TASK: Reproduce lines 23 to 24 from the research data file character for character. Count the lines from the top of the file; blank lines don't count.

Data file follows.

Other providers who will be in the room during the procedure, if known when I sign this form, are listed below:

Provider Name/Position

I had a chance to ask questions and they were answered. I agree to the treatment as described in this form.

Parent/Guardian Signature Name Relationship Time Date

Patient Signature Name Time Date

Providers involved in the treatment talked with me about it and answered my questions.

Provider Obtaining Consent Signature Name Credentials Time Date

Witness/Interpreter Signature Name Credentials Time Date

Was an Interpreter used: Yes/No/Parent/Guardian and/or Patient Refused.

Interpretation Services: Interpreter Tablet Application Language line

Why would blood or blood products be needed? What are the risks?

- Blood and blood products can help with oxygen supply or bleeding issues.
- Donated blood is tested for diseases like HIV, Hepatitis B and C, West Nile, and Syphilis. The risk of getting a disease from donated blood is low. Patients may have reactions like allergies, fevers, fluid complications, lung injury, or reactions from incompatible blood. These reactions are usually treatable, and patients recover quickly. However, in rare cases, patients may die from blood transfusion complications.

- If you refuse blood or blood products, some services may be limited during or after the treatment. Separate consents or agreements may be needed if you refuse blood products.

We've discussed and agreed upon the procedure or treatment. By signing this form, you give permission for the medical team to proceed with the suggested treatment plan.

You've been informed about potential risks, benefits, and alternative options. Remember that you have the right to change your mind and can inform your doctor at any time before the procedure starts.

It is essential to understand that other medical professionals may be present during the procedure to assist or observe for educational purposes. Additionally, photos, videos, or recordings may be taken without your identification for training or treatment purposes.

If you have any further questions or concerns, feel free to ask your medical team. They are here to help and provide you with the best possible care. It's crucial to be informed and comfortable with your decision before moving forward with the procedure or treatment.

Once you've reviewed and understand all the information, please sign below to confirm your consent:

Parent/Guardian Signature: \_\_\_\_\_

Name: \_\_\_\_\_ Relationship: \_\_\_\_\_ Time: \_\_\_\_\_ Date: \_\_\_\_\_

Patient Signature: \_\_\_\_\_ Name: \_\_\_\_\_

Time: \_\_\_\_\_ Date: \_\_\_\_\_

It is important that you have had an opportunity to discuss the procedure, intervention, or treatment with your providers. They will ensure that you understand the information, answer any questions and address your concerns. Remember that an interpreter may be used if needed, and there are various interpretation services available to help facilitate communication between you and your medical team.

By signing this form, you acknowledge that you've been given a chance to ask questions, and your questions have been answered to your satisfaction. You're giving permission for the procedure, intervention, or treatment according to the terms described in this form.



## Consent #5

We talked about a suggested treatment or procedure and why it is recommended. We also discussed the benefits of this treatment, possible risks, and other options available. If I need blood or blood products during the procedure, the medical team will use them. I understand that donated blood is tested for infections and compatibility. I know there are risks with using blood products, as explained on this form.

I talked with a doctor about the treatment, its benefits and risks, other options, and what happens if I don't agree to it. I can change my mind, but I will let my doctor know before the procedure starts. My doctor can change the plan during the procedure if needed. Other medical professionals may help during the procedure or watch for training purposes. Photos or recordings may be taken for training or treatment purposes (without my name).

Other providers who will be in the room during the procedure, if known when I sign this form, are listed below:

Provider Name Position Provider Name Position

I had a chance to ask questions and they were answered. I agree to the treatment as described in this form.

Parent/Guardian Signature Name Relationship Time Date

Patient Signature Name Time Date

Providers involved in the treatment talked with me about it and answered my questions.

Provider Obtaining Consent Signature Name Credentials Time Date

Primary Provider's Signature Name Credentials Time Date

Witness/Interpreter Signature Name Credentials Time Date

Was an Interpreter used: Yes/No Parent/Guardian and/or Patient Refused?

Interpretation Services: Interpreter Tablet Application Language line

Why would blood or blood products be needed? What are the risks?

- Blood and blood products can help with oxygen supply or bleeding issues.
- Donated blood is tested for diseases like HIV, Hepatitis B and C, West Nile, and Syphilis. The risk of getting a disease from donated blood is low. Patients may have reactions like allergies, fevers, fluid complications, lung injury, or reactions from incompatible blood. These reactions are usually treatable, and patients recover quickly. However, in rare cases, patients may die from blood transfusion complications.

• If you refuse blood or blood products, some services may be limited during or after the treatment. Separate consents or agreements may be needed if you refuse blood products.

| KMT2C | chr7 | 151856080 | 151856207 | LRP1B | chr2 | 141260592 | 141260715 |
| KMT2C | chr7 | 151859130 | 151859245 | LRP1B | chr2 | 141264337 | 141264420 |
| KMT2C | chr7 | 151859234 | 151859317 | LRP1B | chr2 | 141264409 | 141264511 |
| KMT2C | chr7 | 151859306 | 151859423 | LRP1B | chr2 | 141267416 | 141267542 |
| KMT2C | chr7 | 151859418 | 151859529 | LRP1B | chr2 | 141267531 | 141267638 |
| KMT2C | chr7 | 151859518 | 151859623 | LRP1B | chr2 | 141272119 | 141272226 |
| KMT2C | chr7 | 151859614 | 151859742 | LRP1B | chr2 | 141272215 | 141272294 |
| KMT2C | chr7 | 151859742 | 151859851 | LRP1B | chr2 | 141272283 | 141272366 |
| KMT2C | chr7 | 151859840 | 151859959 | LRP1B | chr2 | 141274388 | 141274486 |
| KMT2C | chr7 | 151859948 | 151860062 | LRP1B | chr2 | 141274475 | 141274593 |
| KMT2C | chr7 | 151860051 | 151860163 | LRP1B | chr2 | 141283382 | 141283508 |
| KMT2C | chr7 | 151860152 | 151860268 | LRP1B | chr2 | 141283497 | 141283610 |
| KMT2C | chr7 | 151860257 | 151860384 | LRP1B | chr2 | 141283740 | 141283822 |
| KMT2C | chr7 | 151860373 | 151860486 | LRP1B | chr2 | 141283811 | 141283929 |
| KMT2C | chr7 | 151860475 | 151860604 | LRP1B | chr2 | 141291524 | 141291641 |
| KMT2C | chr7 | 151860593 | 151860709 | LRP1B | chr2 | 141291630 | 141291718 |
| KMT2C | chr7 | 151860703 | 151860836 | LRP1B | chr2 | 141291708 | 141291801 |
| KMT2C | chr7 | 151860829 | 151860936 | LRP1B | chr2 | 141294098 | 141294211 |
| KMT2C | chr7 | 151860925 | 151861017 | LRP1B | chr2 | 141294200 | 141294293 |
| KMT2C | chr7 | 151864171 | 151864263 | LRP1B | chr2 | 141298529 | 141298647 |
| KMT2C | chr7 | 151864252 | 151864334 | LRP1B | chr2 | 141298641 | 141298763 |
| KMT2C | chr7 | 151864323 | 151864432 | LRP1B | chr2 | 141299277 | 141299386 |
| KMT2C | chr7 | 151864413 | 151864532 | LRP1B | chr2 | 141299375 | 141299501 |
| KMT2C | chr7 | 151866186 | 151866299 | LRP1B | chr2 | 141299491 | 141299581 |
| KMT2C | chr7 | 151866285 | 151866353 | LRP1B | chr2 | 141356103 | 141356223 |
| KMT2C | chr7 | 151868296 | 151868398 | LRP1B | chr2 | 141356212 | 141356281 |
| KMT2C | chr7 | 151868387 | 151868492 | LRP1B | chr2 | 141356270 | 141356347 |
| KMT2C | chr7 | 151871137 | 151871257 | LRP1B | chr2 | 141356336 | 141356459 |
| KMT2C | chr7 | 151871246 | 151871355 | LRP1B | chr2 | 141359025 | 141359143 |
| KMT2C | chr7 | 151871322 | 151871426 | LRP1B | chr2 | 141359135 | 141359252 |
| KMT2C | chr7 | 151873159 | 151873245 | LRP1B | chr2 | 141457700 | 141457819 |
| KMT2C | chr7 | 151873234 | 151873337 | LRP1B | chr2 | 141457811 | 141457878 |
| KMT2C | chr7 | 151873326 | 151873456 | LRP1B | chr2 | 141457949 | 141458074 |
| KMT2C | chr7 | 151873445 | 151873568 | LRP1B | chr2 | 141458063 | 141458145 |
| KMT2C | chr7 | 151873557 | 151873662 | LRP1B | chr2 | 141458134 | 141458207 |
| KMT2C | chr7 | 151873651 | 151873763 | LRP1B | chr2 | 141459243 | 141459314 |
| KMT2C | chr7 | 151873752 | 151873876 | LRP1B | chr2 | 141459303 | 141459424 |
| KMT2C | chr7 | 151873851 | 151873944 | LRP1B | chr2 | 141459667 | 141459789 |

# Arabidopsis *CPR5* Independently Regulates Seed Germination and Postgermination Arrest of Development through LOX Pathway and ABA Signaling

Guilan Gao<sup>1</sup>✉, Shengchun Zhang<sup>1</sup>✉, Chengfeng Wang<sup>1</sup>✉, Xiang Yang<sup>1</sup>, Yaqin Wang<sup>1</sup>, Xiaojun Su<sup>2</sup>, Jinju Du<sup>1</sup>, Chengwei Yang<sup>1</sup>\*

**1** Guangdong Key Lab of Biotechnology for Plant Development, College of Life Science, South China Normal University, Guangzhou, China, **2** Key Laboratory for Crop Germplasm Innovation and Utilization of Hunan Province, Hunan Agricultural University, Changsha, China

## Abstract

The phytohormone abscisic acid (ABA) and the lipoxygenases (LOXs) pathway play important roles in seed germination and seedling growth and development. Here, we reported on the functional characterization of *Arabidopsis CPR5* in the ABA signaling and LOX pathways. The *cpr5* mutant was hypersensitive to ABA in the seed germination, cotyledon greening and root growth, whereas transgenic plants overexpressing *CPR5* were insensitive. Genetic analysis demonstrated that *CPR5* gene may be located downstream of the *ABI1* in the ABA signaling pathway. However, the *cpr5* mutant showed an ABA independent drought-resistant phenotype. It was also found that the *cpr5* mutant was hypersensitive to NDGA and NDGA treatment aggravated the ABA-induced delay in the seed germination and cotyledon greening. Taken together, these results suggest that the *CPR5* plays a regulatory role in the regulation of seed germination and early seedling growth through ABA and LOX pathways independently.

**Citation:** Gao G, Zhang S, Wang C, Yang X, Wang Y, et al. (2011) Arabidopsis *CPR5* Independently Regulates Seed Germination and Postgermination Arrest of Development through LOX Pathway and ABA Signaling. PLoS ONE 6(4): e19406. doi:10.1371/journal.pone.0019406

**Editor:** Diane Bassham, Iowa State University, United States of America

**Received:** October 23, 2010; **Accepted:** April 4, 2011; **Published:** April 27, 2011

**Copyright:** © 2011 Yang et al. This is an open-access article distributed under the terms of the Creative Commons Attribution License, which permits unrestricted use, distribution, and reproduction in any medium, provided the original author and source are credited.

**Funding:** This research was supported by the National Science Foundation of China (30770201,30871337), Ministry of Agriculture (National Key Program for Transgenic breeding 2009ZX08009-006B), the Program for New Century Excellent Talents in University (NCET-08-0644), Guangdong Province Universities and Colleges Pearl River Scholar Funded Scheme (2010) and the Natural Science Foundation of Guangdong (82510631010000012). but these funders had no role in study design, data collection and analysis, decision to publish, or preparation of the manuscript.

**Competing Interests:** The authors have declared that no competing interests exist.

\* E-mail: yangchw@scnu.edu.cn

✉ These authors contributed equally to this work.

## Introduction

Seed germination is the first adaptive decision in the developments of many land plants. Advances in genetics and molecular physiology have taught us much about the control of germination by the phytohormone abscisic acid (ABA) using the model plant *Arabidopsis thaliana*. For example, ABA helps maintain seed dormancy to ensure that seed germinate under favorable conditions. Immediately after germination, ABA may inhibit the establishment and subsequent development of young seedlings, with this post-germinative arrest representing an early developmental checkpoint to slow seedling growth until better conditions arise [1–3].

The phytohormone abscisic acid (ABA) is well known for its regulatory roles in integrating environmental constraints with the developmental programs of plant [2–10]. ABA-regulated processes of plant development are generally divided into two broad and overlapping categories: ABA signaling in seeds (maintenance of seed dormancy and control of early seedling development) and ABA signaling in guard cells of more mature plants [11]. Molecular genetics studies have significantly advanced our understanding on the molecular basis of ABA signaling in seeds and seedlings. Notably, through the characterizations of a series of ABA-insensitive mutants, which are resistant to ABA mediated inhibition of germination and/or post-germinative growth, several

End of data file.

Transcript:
Time: \_\_\_\_\_ Date: \_\_\_\_\_

It is important that you have had an opportunity to discuss the procedure, intervention, or treatment with your providers. They will ensure that you understand the information, answer any questions and address your concerns. Remember that an interpreter may be used if needed, and there are various interpretation services available to help facilitate communication between you and your medical team.